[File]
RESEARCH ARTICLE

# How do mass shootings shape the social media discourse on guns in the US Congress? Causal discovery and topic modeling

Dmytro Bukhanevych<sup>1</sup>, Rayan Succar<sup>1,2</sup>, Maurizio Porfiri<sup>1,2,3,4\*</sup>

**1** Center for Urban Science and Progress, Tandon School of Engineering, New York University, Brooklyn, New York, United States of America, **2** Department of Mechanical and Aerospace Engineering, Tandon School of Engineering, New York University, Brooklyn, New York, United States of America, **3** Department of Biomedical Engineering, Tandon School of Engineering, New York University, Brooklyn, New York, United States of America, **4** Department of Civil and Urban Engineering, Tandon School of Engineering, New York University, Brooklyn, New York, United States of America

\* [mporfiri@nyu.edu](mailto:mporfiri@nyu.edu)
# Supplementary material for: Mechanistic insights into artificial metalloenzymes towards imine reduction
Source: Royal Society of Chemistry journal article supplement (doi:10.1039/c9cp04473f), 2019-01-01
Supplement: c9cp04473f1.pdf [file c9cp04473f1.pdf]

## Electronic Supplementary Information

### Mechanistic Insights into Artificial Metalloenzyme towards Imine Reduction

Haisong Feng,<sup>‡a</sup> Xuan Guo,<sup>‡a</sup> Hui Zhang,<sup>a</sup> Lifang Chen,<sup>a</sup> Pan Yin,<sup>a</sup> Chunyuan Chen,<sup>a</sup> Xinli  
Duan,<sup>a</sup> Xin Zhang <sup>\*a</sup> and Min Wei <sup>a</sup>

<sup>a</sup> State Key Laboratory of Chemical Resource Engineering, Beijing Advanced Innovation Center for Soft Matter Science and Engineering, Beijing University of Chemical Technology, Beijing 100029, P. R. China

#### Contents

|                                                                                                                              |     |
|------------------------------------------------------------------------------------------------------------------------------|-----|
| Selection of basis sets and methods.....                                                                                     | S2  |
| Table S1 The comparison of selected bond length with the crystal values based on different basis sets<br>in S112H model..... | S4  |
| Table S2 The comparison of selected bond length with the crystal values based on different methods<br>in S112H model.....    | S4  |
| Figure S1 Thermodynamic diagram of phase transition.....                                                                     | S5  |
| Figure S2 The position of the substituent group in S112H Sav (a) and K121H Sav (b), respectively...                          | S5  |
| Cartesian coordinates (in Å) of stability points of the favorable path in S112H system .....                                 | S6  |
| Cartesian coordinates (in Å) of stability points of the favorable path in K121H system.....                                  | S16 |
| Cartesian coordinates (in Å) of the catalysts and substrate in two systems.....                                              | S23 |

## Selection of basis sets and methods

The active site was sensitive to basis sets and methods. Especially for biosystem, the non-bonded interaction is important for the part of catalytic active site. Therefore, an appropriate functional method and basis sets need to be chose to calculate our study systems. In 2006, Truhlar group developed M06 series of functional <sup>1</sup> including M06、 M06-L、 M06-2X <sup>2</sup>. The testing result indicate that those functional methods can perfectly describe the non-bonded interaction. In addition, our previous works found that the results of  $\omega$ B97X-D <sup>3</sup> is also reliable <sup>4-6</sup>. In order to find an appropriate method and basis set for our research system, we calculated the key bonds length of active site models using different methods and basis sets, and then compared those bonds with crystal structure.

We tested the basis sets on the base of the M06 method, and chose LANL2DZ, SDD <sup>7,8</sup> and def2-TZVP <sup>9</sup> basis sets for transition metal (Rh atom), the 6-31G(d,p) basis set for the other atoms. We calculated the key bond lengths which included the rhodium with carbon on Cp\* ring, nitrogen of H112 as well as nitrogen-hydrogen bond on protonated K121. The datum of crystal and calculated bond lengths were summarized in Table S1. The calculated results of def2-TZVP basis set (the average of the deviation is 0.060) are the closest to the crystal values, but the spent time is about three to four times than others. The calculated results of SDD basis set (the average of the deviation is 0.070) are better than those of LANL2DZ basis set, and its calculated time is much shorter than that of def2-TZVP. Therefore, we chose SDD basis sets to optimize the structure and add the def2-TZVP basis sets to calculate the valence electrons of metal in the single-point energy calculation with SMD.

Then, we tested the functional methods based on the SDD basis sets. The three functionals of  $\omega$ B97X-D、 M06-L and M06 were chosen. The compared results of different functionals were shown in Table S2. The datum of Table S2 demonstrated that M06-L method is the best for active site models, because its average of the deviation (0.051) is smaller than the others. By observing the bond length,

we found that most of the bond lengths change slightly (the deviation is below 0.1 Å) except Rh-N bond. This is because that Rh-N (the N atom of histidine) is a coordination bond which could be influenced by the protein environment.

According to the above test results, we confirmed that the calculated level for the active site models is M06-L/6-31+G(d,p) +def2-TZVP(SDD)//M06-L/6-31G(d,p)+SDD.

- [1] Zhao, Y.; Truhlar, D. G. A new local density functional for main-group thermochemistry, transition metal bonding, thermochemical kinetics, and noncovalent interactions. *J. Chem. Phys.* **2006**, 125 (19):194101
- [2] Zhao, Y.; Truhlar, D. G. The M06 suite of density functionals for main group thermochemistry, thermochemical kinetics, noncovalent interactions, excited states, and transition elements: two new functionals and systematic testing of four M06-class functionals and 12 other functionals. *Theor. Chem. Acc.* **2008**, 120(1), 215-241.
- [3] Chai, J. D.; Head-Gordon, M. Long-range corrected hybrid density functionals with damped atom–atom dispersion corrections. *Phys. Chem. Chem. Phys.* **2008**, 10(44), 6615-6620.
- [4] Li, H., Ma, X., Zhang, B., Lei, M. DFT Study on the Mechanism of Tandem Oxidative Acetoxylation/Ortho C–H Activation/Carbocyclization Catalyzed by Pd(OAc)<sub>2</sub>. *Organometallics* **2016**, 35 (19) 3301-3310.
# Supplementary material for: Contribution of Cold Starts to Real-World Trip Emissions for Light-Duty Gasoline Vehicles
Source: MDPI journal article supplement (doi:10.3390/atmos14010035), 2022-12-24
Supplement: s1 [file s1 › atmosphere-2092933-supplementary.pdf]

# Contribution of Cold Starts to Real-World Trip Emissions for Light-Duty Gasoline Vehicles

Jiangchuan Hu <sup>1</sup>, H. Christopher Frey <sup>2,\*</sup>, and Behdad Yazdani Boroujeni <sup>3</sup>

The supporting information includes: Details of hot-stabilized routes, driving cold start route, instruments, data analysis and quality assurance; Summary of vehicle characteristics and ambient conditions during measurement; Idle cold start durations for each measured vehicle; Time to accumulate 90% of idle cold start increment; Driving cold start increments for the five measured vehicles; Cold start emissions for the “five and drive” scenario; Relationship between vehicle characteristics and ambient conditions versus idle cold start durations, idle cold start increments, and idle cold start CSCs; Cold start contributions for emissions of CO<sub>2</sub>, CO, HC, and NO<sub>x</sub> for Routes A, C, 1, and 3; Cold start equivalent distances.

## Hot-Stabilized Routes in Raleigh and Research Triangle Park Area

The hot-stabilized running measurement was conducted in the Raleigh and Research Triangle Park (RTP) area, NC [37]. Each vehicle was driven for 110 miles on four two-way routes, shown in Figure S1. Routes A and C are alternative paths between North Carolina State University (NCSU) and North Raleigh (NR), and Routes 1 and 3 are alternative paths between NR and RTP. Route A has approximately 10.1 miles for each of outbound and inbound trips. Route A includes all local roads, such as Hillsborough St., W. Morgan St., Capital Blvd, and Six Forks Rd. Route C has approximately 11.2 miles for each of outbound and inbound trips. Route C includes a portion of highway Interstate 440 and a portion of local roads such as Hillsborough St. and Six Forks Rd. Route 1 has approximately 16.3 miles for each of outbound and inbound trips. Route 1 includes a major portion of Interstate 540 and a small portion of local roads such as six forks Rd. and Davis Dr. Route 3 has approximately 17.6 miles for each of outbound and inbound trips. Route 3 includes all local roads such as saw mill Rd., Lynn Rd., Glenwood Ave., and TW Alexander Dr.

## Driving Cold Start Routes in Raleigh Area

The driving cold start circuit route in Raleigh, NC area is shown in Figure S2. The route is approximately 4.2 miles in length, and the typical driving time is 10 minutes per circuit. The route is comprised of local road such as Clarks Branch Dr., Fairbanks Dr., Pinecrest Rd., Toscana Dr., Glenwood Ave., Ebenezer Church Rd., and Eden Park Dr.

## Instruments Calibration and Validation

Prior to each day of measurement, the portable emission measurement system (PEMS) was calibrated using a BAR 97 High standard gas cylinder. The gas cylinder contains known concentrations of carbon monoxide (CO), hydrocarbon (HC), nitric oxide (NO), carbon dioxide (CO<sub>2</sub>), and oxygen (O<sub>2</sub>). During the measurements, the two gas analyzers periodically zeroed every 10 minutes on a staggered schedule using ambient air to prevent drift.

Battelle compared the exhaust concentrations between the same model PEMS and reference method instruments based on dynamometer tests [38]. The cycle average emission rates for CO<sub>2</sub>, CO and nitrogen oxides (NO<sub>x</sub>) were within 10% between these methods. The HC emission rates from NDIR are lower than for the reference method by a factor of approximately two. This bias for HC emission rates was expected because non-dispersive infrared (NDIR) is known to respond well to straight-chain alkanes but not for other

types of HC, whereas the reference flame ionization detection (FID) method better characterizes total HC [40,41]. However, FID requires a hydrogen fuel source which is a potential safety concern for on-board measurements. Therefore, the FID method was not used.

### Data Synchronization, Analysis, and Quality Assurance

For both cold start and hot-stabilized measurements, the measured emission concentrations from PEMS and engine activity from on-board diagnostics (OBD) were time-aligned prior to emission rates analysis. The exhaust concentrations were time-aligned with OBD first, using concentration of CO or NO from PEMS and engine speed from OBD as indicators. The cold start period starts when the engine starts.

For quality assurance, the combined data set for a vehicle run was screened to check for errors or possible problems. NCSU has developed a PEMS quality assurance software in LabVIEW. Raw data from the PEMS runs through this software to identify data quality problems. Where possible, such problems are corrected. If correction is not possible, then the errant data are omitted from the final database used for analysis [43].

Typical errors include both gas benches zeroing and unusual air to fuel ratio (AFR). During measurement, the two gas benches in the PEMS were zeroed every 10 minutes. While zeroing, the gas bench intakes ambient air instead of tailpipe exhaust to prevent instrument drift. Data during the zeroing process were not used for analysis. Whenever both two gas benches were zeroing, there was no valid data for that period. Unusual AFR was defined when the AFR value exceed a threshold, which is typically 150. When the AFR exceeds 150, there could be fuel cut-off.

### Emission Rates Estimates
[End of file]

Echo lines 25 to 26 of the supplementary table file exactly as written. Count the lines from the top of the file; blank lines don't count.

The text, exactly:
## Selection of basis sets and methods

The active site was sensitive to basis sets and methods. Especially for biosystem, the non-bonded interaction is important for the part of catalytic active site. Therefore, an appropriate functional method and basis sets need to be chose to calculate our study systems. In 2006, Truhlar group developed M06 series of functional <sup>1</sup> including M06、 M06-L、 M06-2X <sup>2</sup>. The testing result indicate that those functional methods can perfectly describe the non-bonded interaction. In addition, our previous works found that the results of  $\omega$ B97X-D <sup>3</sup> is also reliable <sup>4-6</sup>. In order to find an appropriate method and basis set for our research system, we calculated the key bonds length of active site models using different methods and basis sets, and then compared those bonds with crystal structure.